Worldwide, HIV infection is the foremost risk factor for development of active tuberculosis (TB). [1–4]
All patients with tuberculosis, regardless of their perceived risk of HIV infection should be offered an HIV test as part of their tuberculosis treatment package. In the United Kingdom, clinicians are caring for increasing numbers of HIV-TB co-infected patients. TB is now the second commonest opportunistic infection in the UK. In 2003 TB contributed to 27% of all AIDS diagnoses. [5–7]
The clinical and radiographic presentation of such individual’s disease may be atypical. Compared to the immune competent general population, HIV infected patients with active pulmonary tuberculosis are more likely to have normal chest radiographs, or be smear negative/culture positive. [8–11]
The clinician caring for HIV infected patients, therefore, needs to have a high index of suspicion for tuberculosis in symptomatic individuals. As the investigation and treatment of both tuberculosis and HIV require specialist knowledge and expertise, it is mandatory to involve specialist HIV, Respiratory and Infectious Diseases physicians in patient care.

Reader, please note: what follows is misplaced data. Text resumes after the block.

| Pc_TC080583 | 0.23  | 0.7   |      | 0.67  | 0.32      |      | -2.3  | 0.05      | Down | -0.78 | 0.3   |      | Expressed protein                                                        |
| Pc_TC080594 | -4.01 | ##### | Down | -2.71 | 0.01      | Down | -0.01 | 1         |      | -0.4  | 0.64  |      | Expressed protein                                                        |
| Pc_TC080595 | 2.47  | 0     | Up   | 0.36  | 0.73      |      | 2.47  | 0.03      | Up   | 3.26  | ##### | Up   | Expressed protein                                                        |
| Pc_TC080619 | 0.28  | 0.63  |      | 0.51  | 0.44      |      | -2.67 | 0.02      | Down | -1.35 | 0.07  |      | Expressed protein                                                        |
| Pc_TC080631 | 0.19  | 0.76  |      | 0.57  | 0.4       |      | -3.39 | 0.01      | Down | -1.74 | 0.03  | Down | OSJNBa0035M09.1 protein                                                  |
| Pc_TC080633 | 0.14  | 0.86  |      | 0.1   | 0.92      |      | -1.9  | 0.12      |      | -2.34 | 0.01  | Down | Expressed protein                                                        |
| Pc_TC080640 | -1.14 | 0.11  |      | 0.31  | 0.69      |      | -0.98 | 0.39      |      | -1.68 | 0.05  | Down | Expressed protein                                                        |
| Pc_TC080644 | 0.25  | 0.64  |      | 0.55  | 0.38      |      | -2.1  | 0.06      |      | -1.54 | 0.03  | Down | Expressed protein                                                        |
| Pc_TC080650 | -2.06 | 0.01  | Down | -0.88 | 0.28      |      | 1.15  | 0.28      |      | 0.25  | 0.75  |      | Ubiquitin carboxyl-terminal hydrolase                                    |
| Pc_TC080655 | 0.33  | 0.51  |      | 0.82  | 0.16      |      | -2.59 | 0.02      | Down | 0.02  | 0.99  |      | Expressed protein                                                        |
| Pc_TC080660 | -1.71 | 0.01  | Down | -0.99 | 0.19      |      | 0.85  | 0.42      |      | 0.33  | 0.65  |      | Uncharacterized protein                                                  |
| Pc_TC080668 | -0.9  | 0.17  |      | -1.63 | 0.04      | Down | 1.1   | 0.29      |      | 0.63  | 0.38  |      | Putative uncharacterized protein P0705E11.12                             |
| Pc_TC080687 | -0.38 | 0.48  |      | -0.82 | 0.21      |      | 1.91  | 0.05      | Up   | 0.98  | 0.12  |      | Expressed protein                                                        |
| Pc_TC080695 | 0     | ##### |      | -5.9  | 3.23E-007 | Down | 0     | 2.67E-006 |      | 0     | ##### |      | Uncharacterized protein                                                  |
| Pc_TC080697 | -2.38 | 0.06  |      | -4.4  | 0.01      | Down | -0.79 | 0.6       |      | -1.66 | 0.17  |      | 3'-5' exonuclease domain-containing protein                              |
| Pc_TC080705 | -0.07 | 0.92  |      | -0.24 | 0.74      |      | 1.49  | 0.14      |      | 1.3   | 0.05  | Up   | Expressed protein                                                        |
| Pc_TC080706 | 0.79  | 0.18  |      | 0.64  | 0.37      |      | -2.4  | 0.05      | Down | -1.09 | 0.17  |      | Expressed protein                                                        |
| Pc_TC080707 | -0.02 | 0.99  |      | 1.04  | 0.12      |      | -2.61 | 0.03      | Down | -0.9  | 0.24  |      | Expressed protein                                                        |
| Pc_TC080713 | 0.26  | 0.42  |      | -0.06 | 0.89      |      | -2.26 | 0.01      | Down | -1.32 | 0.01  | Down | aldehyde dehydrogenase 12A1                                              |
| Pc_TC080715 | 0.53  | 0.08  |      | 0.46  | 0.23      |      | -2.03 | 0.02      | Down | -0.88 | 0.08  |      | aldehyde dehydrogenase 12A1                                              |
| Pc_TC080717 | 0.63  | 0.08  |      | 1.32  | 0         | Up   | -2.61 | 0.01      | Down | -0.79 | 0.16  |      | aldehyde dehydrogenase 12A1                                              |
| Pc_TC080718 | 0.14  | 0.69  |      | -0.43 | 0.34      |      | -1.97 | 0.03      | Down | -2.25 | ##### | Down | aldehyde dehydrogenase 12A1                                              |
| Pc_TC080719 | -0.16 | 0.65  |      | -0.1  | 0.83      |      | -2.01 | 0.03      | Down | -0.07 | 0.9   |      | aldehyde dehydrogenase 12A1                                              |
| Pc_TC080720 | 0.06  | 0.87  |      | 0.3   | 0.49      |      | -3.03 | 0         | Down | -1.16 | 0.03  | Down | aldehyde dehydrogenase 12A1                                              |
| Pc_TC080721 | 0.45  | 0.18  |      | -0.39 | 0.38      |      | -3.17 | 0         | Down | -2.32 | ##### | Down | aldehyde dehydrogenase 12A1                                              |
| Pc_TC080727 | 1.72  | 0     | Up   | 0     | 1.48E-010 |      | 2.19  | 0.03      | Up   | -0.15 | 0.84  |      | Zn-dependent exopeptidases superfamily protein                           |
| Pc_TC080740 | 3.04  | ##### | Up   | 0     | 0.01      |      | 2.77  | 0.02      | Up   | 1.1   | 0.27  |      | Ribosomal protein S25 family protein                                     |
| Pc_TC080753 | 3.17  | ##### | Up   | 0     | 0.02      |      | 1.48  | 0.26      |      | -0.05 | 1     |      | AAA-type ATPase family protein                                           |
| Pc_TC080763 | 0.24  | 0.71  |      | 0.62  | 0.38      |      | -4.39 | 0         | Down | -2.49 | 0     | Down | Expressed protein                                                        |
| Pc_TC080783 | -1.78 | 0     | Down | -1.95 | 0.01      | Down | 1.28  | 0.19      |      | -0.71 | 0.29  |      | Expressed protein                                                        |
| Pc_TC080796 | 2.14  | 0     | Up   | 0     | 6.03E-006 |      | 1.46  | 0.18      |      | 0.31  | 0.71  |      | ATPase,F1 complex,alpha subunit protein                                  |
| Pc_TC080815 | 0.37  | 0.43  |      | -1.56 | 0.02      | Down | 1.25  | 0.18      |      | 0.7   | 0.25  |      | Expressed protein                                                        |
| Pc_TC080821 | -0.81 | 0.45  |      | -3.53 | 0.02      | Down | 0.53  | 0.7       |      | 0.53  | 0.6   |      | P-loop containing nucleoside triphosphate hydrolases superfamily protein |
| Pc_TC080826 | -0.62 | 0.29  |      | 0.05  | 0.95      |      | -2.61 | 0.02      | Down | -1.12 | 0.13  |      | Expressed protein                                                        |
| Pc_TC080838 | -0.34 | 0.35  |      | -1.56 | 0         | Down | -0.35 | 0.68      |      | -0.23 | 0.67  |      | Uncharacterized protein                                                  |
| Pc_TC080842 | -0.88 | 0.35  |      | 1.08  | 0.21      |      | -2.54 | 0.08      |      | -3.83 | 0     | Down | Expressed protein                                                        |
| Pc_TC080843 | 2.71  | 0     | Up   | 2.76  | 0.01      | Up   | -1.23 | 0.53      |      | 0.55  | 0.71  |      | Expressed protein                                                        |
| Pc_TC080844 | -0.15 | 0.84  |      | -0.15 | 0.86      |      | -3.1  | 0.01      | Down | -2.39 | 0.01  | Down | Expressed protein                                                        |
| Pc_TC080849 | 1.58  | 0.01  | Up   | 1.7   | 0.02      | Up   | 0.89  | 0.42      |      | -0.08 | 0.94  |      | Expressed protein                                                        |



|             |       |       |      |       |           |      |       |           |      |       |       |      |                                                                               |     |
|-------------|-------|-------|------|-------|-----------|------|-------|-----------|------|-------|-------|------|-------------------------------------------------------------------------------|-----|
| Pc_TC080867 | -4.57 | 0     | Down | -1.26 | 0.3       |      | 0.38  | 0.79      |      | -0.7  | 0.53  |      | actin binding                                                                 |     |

These guidelines have been drawn up in response to a perceived need for a clinical knowledge base covering the treatment of both HIV and tuberculosis in co-infected patients in the United Kingdom. These guidelines do not cover HIV infected children with tuberculosis, nor do they provide advice on HIV testing in adults with newly diagnosed tuberculosis. These treatment guidelines have been written to help physicians manage HIV infected patients with confirmed or suspected tuberculosis. They are based on evidence where it is available but some recommendations have to rely on expert opinion until data from trials are made available. These guidelines are not a manual for treatment of HIV/TB co infection and should be regarded as an adjunct to the BHIVA treatment of HIV guidelines and the BTS guidelines on tuberculosis.
These documents can be downloaded from:
BHIVA is aware of and involved in the creation of NICE guidelines on tuberculosis, which will be available in 2005 but felt that until that time some guidance on TB in HIV should be made widely available.
Recommendations for the treatment of tuberculosis in HIV infected adults are similar to those for HIV uninfected adults. However there are important exceptions.
There are also concerns about the timing of commencement of HAART in relation to the start of TB treatment in the context of preventing the risk of further HIV progression and the occurrence of paradoxical reactions.